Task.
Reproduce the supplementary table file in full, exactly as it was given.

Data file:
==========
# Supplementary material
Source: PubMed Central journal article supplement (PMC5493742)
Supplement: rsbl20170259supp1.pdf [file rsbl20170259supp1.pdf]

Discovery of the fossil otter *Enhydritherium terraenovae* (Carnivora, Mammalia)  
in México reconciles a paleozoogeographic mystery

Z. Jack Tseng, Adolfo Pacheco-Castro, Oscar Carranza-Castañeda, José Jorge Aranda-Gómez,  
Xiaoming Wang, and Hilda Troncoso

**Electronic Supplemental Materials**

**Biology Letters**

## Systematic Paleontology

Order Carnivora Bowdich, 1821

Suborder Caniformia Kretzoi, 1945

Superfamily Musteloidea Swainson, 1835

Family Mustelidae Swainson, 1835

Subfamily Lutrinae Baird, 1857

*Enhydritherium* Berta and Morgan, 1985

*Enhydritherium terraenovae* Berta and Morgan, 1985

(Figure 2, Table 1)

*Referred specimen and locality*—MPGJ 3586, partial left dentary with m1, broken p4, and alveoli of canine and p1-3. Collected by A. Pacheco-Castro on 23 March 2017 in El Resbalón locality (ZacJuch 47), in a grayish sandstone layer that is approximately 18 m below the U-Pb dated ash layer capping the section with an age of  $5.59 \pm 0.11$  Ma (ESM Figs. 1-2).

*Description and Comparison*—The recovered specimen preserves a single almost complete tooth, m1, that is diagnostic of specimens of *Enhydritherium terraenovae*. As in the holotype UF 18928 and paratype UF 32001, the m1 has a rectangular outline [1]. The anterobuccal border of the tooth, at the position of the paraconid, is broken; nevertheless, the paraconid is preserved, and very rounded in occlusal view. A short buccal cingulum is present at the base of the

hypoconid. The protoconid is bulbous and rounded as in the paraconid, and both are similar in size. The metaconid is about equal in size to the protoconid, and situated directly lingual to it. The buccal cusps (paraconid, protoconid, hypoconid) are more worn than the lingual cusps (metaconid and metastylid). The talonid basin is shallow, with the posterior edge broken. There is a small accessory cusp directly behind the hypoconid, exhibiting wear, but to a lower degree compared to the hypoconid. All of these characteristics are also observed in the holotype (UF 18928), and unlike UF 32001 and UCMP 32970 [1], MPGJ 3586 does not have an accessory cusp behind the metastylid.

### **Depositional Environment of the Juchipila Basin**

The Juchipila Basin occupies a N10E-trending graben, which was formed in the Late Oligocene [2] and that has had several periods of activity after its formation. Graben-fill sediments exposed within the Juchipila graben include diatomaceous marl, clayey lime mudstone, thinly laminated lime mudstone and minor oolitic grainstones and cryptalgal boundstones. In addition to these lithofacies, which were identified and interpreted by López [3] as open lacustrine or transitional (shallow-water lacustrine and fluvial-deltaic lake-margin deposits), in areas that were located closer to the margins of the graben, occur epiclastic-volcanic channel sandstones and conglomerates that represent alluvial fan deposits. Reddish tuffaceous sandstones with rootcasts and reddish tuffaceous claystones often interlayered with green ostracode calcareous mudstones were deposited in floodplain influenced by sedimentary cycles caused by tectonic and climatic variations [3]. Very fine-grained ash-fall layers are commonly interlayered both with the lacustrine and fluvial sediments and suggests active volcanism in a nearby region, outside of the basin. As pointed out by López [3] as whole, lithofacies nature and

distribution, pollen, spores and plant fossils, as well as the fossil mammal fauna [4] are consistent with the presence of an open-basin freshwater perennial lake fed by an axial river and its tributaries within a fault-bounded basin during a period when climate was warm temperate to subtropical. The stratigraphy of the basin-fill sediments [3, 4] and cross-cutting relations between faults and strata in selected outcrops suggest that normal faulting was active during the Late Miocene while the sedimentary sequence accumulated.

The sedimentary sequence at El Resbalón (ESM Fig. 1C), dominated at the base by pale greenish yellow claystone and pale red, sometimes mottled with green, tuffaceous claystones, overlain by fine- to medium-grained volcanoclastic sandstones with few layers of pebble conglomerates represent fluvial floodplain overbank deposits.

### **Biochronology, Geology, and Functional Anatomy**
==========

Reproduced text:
# Supplementary material
Source: PubMed Central journal article supplement (PMC5493742)
Supplement: rsbl20170259supp1.pdf [file rsbl20170259supp1.pdf]

Discovery of the fossil otter *Enhydritherium terraenovae* (Carnivora, Mammalia)  
in México reconciles a paleozoogeographic mystery

Z. Jack Tseng, Adolfo Pacheco-Castro, Oscar Carranza-Castañeda, José Jorge Aranda-Gómez,  
Xiaoming Wang, and Hilda Troncoso

**Electronic Supplemental Materials**

**Biology Letters**

## Systematic Paleontology

Order Carnivora Bowdich, 1821

Suborder Caniformia Kretzoi, 1945

Superfamily Musteloidea Swainson, 1835

Family Mustelidae Swainson, 1835

Subfamily Lutrinae Baird, 1857

*Enhydritherium* Berta and Morgan, 1985

*Enhydritherium terraenovae* Berta and Morgan, 1985

(Figure 2, Table 1)

*Referred specimen and locality*—MPGJ 3586, partial left dentary with m1, broken p4, and alveoli of canine and p1-3. Collected by A. Pacheco-Castro on 23 March 2017 in El Resbalón locality (ZacJuch 47), in a grayish sandstone layer that is approximately 18 m below the U-Pb dated ash layer capping the section with an age of  $5.59 \pm 0.11$  Ma (ESM Figs. 1-2).

*Description and Comparison*—The recovered specimen preserves a single almost complete tooth, m1, that is diagnostic of specimens of *Enhydritherium terraenovae*. As in the holotype UF 18928 and paratype UF 32001, the m1 has a rectangular outline [1]. The anterobuccal border of the tooth, at the position of the paraconid, is broken; nevertheless, the paraconid is preserved, and very rounded in occlusal view. A short buccal cingulum is present at the base of the

hypoconid. The protoconid is bulbous and rounded as in the paraconid, and both are similar in size. The metaconid is about equal in size to the protoconid, and situated directly lingual to it. The buccal cusps (paraconid, protoconid, hypoconid) are more worn than the lingual cusps (metaconid and metastylid). The talonid basin is shallow, with the posterior edge broken. There is a small accessory cusp directly behind the hypoconid, exhibiting wear, but to a lower degree compared to the hypoconid. All of these characteristics are also observed in the holotype (UF 18928), and unlike UF 32001 and UCMP 32970 [1], MPGJ 3586 does not have an accessory cusp behind the metastylid.

### **Depositional Environment of the Juchipila Basin**

The Juchipila Basin occupies a N10E-trending graben, which was formed in the Late Oligocene [2] and that has had several periods of activity after its formation. Graben-fill sediments exposed within the Juchipila graben include diatomaceous marl, clayey lime mudstone, thinly laminated lime mudstone and minor oolitic grainstones and cryptalgal boundstones. In addition to these lithofacies, which were identified and interpreted by López [3] as open lacustrine or transitional (shallow-water lacustrine and fluvial-deltaic lake-margin deposits), in areas that were located closer to the margins of the graben, occur epiclastic-volcanic channel sandstones and conglomerates that represent alluvial fan deposits. Reddish tuffaceous sandstones with rootcasts and reddish tuffaceous claystones often interlayered with green ostracode calcareous mudstones were deposited in floodplain influenced by sedimentary cycles caused by tectonic and climatic variations [3]. Very fine-grained ash-fall layers are commonly interlayered both with the lacustrine and fluvial sediments and suggests active volcanism in a nearby region, outside of the basin. As pointed out by López [3] as whole, lithofacies nature and

distribution, pollen, spores and plant fossils, as well as the fossil mammal fauna [4] are consistent with the presence of an open-basin freshwater perennial lake fed by an axial river and its tributaries within a fault-bounded basin during a period when climate was warm temperate to subtropical. The stratigraphy of the basin-fill sediments [3, 4] and cross-cutting relations between faults and strata in selected outcrops suggest that normal faulting was active during the Late Miocene while the sedimentary sequence accumulated.

The sedimentary sequence at El Resbalón (ESM Fig. 1C), dominated at the base by pale greenish yellow claystone and pale red, sometimes mottled with green, tuffaceous claystones, overlain by fine- to medium-grained volcanoclastic sandstones with few layers of pebble conglomerates represent fluvial floodplain overbank deposits.

### **Biochronology, Geology, and Functional Anatomy**